By Matt Haan
Producer, The Insurgency
As a US tank comes into view on a street in Ramadi, west of Baghdad, three fighters in civilian clothes and headscarves aim their weapons and wait. They claim to be part of al-Qaeda in Iraq.
"This is a message to America," one insurgent says to the camera.
"Look at your might and power, yet you are unable to walk the streets of Ramadi, which belongs to the mujahideen."
Al-Qaeda insurgents see themselves as challenging US power
He turns back to the tank, which has paused a few blocks away. "I swear by almighty God we will destroy them," the insurgent says.
We received this footage while making a documentary about the Sunni insurgency fighting the Coalition Forces in Iraq.
We had asked local fixers and stringers in Baghdad if they would be prepared to take a camera and a list of prepared questions into the heart of the Sunni Triangle to speak directly with insurgents. Few accepted such a dangerous task.
Of those that did, one person got past the roadblocks with the film of al-Qaeda in Ramadi.
New generation of fighters
Cases of US heavy handedness or the abuse in Abu Ghraib have provided fertile ground for the insurgents to recruit from.
"A number of the insurgents keep saying to me that this is what I was trained for," journalist Michael Ware explained to us.
"They say the next generation is going to be worse than we've ever been. And it's in this way that it's al-Qaeda that are one of the main beneficiaries of this war.
"The Bush administration is the midwife to the next generation of al-Qaeda. And that's a generation that is principally being shaped by Zarqawi," Mr Ware said.
The normal methods of making a documentary about the evolution of the Sunni insurgency are not possible in Iraq.
Our contact with the insurgency came in two other ways.
Firstly, through two journalists - Michael Ware, who has had contact with members of the insurgency from the very beginning; and Ghaith Abdul-Ahad, who has travelled throughout the Middle East to understand more about the foreign fighters coming to fight in this war.
And secondly we embedded with US and Iraqi forces. We filmed the raids they were making to counter the insurgency.
The officers we spoke to were exceptionally candid about the realities of the situation and the problems resulting from past mistakes. Something we were not expecting.
But what did we learn?
That the disbanding of the Iraqi army and the Baath Party had been a monumental mistake.
At the end of the war, there was a moment when a policy of inclusion might not have pushed people into opposition.
That the insurgency consists of three main groups - the foreign element led in part by Abu Musab al-Zarqawi; the nationalist element of former Iraqi soldiers and Baathists; and a middle ground of Iraqi Islamic nationalists.
That the insurgency has developed into an organised, structured force, leading an increasingly effective campaign.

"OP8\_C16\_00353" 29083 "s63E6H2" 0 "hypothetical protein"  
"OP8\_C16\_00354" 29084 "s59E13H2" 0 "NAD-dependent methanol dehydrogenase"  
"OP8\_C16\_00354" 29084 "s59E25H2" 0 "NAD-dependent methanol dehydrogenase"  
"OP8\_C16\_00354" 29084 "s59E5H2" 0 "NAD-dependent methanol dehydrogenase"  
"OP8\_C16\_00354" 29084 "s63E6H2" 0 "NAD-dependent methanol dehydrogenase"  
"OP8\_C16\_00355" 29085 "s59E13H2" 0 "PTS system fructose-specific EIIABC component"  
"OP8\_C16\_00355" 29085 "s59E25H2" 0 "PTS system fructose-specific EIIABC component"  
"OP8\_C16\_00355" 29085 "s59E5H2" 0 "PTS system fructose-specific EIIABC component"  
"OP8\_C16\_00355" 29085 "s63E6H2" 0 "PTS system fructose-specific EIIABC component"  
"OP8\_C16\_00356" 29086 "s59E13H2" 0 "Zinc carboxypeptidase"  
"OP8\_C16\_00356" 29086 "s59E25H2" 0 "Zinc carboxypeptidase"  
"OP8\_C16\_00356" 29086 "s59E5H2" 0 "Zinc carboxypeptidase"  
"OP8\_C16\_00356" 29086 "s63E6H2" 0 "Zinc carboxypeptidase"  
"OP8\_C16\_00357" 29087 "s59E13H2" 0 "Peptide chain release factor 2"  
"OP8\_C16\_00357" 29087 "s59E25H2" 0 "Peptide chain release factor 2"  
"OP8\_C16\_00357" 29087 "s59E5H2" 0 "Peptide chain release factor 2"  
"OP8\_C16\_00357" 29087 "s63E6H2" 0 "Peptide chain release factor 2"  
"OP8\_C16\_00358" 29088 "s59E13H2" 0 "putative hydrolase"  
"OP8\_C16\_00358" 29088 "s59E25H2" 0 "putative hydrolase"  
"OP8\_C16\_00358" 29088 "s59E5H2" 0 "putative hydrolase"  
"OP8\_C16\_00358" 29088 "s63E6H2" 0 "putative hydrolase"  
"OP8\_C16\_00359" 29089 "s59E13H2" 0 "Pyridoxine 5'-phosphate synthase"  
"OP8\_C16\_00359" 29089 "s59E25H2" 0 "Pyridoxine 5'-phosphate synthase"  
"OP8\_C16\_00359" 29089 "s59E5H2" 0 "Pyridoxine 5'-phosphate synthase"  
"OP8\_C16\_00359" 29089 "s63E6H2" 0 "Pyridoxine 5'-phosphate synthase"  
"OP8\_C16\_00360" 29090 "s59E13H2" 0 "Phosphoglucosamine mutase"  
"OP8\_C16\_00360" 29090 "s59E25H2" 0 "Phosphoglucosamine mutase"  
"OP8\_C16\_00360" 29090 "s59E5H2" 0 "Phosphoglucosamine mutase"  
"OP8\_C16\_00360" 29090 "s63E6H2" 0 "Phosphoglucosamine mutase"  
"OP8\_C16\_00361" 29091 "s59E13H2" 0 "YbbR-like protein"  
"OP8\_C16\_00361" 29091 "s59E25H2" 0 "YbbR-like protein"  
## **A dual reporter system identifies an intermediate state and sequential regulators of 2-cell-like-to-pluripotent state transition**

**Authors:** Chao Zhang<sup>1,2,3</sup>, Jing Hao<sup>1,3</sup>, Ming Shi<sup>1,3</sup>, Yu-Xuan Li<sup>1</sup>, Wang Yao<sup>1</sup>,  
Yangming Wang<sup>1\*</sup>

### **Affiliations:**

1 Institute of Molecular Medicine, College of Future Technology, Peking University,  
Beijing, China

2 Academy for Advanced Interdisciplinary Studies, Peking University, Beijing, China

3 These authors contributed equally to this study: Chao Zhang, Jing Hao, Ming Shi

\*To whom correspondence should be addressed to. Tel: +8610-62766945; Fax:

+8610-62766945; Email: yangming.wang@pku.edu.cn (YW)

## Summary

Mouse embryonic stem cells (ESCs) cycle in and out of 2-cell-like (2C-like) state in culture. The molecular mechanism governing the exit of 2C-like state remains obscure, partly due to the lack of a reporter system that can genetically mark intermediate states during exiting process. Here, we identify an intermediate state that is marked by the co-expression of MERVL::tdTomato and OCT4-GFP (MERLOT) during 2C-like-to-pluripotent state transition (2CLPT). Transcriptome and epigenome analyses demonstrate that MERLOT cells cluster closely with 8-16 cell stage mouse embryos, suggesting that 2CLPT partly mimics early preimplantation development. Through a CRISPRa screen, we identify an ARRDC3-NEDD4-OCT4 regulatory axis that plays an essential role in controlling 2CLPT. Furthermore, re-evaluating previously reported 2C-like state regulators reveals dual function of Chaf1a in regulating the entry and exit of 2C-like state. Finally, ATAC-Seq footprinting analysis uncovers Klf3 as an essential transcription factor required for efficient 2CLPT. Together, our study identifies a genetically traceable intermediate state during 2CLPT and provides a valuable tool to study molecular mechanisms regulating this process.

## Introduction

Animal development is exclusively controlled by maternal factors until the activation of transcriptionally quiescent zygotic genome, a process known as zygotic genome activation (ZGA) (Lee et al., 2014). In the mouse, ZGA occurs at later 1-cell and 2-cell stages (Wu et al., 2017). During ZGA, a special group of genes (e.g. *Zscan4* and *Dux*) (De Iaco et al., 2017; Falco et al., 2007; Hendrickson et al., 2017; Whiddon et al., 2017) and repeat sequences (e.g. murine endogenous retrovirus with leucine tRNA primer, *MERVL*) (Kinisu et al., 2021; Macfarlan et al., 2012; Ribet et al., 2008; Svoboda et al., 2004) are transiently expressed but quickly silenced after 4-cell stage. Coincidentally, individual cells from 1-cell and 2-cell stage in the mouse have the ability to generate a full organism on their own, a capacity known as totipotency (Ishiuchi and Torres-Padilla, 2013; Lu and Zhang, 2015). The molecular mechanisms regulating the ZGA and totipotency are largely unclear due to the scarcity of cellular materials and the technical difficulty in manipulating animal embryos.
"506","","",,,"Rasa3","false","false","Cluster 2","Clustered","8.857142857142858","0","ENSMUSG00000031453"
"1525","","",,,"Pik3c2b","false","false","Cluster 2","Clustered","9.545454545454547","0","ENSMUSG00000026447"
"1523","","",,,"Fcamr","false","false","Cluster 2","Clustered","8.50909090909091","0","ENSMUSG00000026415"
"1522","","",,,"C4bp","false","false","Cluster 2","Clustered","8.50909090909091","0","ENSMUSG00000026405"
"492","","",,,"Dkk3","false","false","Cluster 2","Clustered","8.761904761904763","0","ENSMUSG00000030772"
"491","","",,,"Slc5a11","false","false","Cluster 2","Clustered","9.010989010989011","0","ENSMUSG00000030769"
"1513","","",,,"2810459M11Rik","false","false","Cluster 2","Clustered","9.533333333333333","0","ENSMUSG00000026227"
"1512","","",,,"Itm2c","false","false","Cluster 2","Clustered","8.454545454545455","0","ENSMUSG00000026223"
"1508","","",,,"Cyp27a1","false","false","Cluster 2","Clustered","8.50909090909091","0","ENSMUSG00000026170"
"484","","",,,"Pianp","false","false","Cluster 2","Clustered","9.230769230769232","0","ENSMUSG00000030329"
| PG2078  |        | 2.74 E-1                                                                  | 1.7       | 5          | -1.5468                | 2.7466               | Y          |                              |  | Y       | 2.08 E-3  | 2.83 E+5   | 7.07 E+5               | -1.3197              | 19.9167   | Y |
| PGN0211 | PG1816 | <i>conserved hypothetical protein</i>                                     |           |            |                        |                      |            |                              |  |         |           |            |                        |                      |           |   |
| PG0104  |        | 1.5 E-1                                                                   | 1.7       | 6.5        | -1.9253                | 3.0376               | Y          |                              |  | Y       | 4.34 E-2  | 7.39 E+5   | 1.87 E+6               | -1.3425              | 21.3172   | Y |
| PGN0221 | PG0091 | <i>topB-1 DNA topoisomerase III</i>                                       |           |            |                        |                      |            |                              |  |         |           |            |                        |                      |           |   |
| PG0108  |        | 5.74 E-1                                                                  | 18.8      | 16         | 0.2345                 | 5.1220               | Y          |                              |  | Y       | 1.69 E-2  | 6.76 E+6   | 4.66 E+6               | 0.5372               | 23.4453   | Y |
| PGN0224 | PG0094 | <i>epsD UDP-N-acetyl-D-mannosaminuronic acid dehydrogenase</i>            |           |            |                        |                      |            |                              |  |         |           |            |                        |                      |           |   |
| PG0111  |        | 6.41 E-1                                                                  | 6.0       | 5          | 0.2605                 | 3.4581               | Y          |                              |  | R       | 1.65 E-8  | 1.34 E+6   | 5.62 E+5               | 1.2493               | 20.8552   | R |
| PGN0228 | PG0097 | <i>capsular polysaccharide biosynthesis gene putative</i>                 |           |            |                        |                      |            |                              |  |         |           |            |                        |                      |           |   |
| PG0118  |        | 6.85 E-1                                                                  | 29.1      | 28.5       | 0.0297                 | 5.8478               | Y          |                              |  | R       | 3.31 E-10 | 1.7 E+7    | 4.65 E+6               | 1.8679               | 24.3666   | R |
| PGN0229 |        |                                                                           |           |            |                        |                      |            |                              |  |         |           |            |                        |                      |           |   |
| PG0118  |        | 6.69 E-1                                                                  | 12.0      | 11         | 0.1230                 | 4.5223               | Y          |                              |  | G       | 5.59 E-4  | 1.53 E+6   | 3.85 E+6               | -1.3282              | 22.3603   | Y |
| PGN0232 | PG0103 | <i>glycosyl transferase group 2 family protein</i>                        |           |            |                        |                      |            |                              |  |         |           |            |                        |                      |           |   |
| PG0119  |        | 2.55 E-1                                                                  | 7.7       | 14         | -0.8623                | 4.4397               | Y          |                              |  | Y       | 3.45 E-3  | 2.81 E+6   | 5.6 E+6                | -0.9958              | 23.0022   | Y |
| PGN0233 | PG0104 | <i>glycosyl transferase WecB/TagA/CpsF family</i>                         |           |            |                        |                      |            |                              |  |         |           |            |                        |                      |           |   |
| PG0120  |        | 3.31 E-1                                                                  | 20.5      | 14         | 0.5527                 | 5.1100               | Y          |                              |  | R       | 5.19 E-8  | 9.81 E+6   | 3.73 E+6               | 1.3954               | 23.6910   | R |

"Falluja was a moment of transformation for the resistance. It became a secure area for the resistance to work," Abu Mohammed, a representative of the national resistance, told us.
A marriage of convenience between these groups took root during the first battle of Falluja in April 2004 when US troops could not take back the city.
We also leant that post-Falluja, this co-ordinated insurgency spread across Iraq.
Some cities fell completely under the control of the insurgents.
Reign of terror
We travelled to Talafar, in the north of Iraq near the Syrian border, and spoke to residents who had lived through a horrific reign of terror when al-Qaeda ran the city.
"The terrorists shot my brother with two bullets in his stomach - they cut open his stomach and put explosives inside," said one man.
"My father wanted to go and pick him up. They blew up my father, beheaded him and put his head on his corpse."
Foreign fighters, estimated at only 15% of the insurgency, have had an enormous impact.
They have provided men, money and weapons to trained officers from the former Iraqi army.
And they provided an ideology that has struck a chord with some disenfranchised Iraqis.
An ideology witnessed by journalist Ghaith Abdul-Ahad in Falluja before the Americans retook the city in November 2004.
"A Yemeni fighter would tell me about his pregnant wife, his children and the young daughter that he loves very much. And then you see tears running down his eyes and then he would dismiss this, oh no, no, this is the devil trying to tempt me away from my Jihad by reminding me of my family."
Driving the insurgency
So would Iraq be better off if US and British troops withdrew?
It may remove one motivation for the insurgency.
"The resistance is a natural reaction to any occupation," says Abu Mohammed. "All occupations in history faced a resistance - this occupation is an insult to me and my people.
"Since I'm an officer, the responsibility falls on my shoulders. So I have to finish this occupation."
But above and beyond the motives of the nationalists, there is the "game plan" laid out by Zarqawi in a letter in early 2004.
One of the primary aims was to foment civil war between the Sunnis and Shias. Recent events in Iraq show this agenda is still being vigorously pursued.
An Iraqi officer we spoke to said that if the international coalition were to pull out of Iraq, "You can forget about a country called Iraq. There'd be massacres in the street - Sunnis will kill Shias and Shias will kill Sunnis".
"The Muslim will kill the Christian and the Christian will kill the Muslim. The Arab will kill the Kurd and the Kurd will kill the Arab. It is very, very important that the coalition forces stay in Iraq," the officer told us.
The Insurgency will be broadcast on BBC Two on Sunday, 2 April at 2100 BST